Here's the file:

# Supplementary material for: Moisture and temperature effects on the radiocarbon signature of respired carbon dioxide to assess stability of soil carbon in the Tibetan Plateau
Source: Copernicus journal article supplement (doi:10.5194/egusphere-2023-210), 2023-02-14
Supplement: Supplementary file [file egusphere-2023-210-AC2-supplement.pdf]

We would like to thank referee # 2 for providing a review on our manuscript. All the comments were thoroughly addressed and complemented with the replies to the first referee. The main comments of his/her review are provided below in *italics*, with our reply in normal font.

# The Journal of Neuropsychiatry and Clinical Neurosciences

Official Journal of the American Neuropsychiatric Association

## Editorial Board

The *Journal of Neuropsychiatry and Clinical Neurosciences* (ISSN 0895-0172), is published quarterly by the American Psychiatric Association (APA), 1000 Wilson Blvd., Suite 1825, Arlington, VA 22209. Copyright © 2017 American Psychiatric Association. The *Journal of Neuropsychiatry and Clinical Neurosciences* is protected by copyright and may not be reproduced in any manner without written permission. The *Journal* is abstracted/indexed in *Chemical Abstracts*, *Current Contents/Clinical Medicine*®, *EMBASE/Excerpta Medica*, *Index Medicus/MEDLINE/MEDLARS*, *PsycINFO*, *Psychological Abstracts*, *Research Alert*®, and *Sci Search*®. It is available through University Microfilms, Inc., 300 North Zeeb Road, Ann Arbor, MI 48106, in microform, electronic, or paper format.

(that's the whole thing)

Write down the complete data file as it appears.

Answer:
# Supplementary material for: Moisture and temperature effects on the radiocarbon signature of respired carbon dioxide to assess stability of soil carbon in the Tibetan Plateau
Source: Copernicus journal article supplement (doi:10.5194/egusphere-2023-210), 2023-02-14
Supplement: Supplementary file [file egusphere-2023-210-AC2-supplement.pdf]

We would like to thank referee # 2 for providing a review on our manuscript. All the comments were thoroughly addressed and complemented with the replies to the first referee. The main comments of his/her review are provided below in *italics*, with our reply in normal font.

# The Journal of Neuropsychiatry and Clinical Neurosciences

Official Journal of the American Neuropsychiatric Association

## Editorial Board

The *Journal of Neuropsychiatry and Clinical Neurosciences* (ISSN 0895-0172), is published quarterly by the American Psychiatric Association (APA), 1000 Wilson Blvd., Suite 1825, Arlington, VA 22209. Copyright © 2017 American Psychiatric Association. The *Journal of Neuropsychiatry and Clinical Neurosciences* is protected by copyright and may not be reproduced in any manner without written permission. The *Journal* is abstracted/indexed in *Chemical Abstracts*, *Current Contents/Clinical Medicine*®, *EMBASE/Excerpta Medica*, *Index Medicus/MEDLINE/MEDLARS*, *PsycINFO*, *Psychological Abstracts*, *Research Alert*®, and *Sci Search*®. It is available through University Microfilms, Inc., 300 North Zeeb Road, Ann Arbor, MI 48106, in microform, electronic, or paper format.